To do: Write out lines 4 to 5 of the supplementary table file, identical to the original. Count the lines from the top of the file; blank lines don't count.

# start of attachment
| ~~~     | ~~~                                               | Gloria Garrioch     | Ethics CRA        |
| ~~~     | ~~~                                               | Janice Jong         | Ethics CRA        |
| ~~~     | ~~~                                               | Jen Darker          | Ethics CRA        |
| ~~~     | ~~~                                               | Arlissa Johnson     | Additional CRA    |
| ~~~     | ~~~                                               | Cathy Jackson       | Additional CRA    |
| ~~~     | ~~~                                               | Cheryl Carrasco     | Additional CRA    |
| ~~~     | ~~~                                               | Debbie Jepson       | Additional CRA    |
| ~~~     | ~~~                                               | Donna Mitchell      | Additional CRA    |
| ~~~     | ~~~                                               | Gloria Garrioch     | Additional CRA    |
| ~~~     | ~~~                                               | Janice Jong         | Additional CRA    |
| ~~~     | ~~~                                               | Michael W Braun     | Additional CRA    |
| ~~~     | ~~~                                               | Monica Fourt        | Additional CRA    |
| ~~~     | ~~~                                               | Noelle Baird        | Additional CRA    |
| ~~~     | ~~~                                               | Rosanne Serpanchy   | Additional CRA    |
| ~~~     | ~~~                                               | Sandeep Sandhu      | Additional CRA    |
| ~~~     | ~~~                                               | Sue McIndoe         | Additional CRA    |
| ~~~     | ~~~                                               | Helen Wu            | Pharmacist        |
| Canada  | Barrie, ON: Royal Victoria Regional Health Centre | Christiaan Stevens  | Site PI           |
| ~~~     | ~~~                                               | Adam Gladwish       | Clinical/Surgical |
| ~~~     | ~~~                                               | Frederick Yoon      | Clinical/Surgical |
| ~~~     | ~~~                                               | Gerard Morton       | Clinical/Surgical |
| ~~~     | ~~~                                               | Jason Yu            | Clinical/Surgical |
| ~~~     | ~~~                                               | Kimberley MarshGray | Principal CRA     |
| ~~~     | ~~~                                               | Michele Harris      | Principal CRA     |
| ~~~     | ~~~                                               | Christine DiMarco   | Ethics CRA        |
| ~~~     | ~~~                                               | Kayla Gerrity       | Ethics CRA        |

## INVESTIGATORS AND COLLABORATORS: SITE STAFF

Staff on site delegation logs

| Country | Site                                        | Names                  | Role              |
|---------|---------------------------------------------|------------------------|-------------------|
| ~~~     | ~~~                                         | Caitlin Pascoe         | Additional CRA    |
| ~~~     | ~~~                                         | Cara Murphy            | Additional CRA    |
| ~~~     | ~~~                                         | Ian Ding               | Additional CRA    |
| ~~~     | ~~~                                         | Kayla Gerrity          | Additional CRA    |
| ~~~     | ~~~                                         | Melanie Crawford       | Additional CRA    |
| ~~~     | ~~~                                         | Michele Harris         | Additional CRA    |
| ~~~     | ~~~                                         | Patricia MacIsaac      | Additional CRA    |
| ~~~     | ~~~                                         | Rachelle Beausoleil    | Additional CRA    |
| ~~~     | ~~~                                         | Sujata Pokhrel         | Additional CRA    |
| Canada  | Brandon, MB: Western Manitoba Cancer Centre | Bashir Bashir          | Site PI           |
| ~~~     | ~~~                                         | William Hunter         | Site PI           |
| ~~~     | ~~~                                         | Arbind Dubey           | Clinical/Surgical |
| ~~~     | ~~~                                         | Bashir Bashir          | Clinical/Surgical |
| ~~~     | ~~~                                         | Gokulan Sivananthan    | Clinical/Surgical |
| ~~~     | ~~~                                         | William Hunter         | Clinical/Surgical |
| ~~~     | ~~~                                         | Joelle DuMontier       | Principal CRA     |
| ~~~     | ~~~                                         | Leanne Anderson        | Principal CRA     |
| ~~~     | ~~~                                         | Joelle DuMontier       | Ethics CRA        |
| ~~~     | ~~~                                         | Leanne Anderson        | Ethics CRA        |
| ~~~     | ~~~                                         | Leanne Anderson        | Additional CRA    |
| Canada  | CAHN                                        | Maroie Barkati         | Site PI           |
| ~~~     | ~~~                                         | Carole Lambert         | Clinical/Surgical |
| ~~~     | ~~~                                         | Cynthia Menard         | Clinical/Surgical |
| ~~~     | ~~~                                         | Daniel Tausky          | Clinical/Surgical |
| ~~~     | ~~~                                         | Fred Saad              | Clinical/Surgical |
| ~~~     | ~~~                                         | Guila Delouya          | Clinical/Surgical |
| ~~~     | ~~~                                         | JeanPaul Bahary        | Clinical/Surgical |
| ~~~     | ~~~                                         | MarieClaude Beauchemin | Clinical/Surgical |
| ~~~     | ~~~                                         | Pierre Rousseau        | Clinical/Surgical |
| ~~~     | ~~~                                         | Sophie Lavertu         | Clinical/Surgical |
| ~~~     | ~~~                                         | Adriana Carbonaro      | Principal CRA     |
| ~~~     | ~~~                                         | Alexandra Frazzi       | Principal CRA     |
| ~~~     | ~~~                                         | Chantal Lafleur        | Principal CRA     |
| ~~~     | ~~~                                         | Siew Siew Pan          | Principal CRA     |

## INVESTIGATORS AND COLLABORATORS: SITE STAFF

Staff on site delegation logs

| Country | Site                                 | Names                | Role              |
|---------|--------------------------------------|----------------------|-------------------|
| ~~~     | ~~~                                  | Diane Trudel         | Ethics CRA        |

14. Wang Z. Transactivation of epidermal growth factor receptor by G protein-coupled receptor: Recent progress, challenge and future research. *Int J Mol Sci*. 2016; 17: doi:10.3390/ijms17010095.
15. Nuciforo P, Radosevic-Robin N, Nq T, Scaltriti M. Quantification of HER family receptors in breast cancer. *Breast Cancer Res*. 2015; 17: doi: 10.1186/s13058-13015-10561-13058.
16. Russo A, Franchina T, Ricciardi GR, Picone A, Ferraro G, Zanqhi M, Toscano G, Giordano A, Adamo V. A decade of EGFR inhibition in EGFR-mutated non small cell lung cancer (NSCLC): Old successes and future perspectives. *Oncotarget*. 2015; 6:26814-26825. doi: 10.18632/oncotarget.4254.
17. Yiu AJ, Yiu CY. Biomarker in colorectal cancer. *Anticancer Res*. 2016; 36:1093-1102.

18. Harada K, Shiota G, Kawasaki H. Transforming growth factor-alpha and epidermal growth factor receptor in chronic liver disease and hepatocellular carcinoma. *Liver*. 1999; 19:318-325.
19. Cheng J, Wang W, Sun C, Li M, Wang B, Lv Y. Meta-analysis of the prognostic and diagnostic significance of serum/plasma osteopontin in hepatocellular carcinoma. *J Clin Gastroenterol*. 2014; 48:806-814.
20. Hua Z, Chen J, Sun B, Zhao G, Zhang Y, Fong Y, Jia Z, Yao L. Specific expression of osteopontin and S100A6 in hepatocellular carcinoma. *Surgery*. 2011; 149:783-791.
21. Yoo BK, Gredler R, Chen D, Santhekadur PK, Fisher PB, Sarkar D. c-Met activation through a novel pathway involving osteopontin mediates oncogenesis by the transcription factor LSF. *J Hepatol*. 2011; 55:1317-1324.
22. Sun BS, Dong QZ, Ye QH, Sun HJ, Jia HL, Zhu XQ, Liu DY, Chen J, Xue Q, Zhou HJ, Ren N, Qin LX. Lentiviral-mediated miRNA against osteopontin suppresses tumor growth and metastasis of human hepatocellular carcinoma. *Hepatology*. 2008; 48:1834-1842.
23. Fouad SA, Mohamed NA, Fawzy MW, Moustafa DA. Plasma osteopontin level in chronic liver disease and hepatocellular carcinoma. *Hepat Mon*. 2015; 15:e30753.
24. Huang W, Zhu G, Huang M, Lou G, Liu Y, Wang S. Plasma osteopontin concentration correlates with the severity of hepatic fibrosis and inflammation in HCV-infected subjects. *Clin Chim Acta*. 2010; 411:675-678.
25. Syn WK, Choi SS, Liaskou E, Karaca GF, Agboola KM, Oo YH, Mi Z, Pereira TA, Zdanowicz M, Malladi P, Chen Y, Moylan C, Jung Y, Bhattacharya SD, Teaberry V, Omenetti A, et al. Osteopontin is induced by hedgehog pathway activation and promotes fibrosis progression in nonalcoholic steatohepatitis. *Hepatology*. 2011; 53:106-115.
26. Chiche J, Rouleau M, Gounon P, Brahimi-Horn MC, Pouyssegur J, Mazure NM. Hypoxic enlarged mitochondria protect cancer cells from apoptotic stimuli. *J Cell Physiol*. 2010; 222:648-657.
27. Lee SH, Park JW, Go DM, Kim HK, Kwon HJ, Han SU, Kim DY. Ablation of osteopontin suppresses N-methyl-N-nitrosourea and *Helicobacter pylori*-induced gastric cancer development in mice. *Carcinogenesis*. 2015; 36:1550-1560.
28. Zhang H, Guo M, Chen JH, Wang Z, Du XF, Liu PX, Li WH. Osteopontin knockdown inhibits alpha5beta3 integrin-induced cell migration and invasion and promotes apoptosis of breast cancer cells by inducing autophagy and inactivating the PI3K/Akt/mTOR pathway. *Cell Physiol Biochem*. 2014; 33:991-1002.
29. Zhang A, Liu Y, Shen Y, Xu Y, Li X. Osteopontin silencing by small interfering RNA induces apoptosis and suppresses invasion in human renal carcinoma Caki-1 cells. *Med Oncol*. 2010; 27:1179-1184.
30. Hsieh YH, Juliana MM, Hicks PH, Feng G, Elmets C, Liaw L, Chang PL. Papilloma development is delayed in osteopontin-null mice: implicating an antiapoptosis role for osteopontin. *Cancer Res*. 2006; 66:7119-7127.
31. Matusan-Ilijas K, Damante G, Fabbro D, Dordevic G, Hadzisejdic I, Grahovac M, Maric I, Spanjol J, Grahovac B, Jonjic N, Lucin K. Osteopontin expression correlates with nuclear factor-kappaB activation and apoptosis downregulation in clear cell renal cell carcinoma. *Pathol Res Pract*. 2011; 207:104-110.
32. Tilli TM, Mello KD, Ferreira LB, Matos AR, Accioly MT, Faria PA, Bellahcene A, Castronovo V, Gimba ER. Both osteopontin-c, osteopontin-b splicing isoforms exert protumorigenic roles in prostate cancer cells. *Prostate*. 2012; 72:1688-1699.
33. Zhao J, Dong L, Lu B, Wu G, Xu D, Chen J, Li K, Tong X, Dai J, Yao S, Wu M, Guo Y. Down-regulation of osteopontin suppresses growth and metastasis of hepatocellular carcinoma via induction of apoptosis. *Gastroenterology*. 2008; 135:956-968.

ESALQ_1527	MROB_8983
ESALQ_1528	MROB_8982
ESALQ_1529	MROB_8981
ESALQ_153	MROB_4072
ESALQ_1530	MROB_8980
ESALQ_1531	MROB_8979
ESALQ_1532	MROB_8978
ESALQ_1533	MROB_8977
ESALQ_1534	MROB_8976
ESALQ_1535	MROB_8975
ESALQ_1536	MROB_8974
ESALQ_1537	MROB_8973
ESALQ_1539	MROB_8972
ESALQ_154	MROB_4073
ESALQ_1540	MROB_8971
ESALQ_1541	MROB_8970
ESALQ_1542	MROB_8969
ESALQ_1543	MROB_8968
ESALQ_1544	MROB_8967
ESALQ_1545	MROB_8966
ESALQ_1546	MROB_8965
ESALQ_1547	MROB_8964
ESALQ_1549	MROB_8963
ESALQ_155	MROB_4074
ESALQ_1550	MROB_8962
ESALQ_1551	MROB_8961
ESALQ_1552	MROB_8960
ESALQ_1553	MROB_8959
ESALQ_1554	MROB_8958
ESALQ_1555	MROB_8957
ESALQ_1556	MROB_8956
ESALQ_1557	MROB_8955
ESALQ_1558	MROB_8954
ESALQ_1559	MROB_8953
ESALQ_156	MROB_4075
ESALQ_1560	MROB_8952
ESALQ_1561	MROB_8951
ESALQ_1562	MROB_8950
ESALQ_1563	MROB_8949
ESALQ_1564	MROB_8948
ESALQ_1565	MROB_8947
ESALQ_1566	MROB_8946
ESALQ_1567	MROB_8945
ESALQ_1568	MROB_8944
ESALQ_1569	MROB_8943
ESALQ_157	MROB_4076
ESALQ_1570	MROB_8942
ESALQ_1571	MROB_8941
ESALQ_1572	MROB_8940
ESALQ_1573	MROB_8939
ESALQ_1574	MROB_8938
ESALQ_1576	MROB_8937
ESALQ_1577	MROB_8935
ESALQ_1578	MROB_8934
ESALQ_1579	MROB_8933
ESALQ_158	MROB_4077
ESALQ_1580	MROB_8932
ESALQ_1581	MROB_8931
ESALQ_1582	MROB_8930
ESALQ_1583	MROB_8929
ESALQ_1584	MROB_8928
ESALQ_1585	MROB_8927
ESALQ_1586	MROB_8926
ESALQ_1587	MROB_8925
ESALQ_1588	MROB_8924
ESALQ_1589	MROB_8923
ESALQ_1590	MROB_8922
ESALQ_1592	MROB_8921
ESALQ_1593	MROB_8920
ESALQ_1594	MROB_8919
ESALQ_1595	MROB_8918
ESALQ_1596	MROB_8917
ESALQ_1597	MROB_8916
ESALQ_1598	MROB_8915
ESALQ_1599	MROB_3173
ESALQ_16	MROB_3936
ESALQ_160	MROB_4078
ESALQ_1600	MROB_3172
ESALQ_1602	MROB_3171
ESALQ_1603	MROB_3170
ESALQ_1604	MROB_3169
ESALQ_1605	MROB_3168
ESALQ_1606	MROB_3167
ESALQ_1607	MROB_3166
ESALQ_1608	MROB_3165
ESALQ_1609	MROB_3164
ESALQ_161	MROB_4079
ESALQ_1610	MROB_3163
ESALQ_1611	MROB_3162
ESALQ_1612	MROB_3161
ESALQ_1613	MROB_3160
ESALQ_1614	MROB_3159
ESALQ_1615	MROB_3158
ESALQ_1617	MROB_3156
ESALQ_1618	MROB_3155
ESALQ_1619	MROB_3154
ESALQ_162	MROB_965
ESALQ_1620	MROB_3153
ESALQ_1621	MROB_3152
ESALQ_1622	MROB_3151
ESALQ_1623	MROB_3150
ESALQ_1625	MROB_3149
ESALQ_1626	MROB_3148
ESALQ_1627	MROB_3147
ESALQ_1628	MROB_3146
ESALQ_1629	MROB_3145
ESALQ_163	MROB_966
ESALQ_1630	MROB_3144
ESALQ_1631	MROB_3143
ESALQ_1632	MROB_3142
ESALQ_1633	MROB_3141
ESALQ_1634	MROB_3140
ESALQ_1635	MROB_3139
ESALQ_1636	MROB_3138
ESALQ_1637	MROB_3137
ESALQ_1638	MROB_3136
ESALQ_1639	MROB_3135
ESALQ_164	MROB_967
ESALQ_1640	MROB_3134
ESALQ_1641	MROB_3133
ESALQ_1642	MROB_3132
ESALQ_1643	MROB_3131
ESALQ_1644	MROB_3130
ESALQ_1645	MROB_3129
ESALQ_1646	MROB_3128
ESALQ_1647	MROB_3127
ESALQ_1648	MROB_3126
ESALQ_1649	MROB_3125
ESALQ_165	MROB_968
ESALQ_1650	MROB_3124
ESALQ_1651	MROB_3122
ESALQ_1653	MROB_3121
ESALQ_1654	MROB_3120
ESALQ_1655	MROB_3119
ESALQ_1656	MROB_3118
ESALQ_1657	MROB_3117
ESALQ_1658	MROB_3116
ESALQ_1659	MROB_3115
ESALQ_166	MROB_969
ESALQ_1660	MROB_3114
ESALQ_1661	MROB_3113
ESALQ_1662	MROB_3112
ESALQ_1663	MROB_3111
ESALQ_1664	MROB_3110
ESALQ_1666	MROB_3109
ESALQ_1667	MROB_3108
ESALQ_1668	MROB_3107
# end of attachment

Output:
| ~~~     | ~~~                                               | Arlissa Johnson     | Additional CRA    |
| ~~~     | ~~~                                               | Cathy Jackson       | Additional CRA    |